Russian Spacewalkers Upgrade International Space Station

Russian cosmonauts Dmitry Kondratyev and Oleg Skripochka completed a spacewalk to upgrade the International Space Station on Jan. 21, 2011.
Russian cosmonauts Dmitry Kondratyev and Oleg Skripochka completed a spacewalk to upgrade the International Space Station on Jan. 21, 2011. (Image credit: NASA TV)

This story was updated Jan. 21 at 4:15 p.m. EST.

Two Russian cosmonauts ventured outside the International Space Station today (Jan. 21) to install a television camera and radio transmission system, and complete other tasks to prepare the station for future assembly and experiment work.

The two Expedition 26 flight engineers, Dmitry Kondratyev and Oleg Skripochka, worked on the exterior of the space station for a total of 5 hours and 23 minutes, completing all the scheduled tasks with no significant difficulties. The spacewalkers exited the station's Pirs docking compartment airlock at 9:29 a.m. EST (1429 UTC).

Kondratyev and Skripochka first installed an experimental Russian radio transmission system, then retrieved two scientific experiments and installed a TV camera on the Rassvet mini-research module that will assist in future dockings of vehicles to that port.

The spacewalk was Kondratyev's first, but Skripochka's second outing. Skripochka completed his first spacewalk on Nov. 15, 2010 – an excursion that lasted six hours and 27 minutes. [FAQ: How Do Astronauts Take Spacewalks?]

While Kondratyev and Skripochka worked outside, space station commander Scott Kelly and cosmonaut Alexander Kaleri stayed in the Russian Poisk module, and sealed the hatches between the Poisk and Zvezda modules. This protected against the unlikely possibility of a sudden station depressurization, and also enabled the forward portion of Zvezda to be used as a backup airlock if necessary.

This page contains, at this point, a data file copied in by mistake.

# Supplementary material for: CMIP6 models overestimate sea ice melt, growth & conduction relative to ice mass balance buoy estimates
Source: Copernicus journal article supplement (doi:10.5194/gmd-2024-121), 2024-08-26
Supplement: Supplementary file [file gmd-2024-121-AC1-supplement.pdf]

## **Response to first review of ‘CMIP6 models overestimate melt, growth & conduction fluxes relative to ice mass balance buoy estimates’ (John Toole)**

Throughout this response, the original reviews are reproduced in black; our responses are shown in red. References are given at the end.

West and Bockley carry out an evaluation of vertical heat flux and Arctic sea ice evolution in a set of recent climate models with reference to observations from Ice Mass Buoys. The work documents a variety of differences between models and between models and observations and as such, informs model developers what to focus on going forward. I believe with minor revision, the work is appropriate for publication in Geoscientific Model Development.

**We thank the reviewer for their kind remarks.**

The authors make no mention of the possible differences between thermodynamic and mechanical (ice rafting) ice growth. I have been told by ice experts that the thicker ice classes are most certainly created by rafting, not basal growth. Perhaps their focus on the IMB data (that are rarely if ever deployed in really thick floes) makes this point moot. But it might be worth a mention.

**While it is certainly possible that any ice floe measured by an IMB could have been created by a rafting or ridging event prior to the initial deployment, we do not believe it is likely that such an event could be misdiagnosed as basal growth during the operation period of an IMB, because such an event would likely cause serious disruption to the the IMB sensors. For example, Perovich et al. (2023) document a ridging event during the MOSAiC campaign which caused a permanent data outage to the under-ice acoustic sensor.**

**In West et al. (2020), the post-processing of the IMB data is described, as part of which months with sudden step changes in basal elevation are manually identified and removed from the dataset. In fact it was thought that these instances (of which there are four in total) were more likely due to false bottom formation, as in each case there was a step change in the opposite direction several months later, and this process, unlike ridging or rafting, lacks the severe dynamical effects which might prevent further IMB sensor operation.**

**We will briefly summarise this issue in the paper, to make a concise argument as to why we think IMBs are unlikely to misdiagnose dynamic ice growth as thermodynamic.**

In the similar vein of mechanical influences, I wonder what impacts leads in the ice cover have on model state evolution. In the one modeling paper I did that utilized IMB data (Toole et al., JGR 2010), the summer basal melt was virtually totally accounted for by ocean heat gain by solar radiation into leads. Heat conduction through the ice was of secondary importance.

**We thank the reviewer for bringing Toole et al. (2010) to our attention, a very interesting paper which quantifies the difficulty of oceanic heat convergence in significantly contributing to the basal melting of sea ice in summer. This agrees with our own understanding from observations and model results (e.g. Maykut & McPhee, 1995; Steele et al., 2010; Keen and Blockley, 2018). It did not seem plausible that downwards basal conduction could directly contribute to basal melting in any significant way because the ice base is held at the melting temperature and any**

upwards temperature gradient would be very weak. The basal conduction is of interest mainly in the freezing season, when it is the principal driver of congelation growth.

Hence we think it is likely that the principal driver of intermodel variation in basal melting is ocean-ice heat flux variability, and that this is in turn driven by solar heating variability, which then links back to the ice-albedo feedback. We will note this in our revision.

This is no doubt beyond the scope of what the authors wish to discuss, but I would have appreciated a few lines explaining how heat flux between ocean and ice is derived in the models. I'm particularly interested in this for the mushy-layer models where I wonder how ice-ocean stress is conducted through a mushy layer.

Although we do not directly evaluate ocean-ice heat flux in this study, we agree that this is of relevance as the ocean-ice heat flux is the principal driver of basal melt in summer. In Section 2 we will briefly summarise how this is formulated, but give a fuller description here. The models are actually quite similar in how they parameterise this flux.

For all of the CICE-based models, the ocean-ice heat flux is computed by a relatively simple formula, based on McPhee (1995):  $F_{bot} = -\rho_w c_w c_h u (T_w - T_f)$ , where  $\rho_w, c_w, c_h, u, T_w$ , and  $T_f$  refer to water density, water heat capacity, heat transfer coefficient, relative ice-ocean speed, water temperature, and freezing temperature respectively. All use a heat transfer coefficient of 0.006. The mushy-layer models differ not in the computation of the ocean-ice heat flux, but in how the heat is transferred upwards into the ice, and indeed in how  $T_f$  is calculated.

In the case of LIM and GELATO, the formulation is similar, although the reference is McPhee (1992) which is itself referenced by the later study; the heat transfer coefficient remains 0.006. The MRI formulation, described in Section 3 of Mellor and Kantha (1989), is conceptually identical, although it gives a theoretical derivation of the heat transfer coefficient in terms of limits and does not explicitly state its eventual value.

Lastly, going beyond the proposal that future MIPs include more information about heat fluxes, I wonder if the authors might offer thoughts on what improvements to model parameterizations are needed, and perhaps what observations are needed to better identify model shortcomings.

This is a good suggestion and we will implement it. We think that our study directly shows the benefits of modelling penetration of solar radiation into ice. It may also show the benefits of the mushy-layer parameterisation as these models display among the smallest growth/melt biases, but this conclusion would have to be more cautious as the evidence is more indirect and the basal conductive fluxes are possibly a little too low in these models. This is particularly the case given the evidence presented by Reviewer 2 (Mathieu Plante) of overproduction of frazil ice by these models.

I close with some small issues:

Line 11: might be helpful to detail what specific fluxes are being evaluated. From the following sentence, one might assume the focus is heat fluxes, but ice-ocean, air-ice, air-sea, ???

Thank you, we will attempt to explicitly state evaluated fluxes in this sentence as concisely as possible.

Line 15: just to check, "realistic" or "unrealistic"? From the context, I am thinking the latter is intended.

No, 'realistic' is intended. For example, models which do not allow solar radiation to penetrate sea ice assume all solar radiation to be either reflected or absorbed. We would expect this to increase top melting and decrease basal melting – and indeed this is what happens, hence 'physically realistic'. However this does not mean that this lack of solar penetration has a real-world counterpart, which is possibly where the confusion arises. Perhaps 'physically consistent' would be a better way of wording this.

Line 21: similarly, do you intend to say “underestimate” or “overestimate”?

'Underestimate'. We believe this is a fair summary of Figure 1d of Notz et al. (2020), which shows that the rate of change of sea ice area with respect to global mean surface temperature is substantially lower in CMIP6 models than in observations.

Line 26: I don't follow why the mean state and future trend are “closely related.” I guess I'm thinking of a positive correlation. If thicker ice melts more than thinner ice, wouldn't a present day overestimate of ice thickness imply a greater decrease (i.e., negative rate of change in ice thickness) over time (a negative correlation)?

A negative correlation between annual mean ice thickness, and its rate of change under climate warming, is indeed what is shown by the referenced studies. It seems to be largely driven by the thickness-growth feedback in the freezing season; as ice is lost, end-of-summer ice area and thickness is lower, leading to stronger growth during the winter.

The MRM1 (Rassvet) TV camera installation location. (Image credit: NASA)

The other station crewmembers, Cady Coleman and Paolo Nespoli, continued their work in the station's U.S. segment and had access to their Soyuz 25 spacecraft, which is docked to the Rassvet module, throughout the duration of the spacewalk.

Spacewalking tasks

The first task for the spacewalking duo was to deploy an antenna for the new high-speed data transmission system, which is designed to enable large data files to be transmitted using radio technology at a speed of about 100 megabytes per second.

After struggling a bit to remove the protective covering, the spacewalkers made quick work of installing the antenna and connecting the corresponding cables to the computer systems inside the station. Kondratyev then discarded the antenna's protective cover and a cable reel by jettisoning them into space. The debris will be tracked by radar systems but will not pose a threat to the arriving Japanese cargo ship that is scheduled to launch to the space station early Saturday (Jan. 22) at 12:37 a.m. EST (0537 UTC)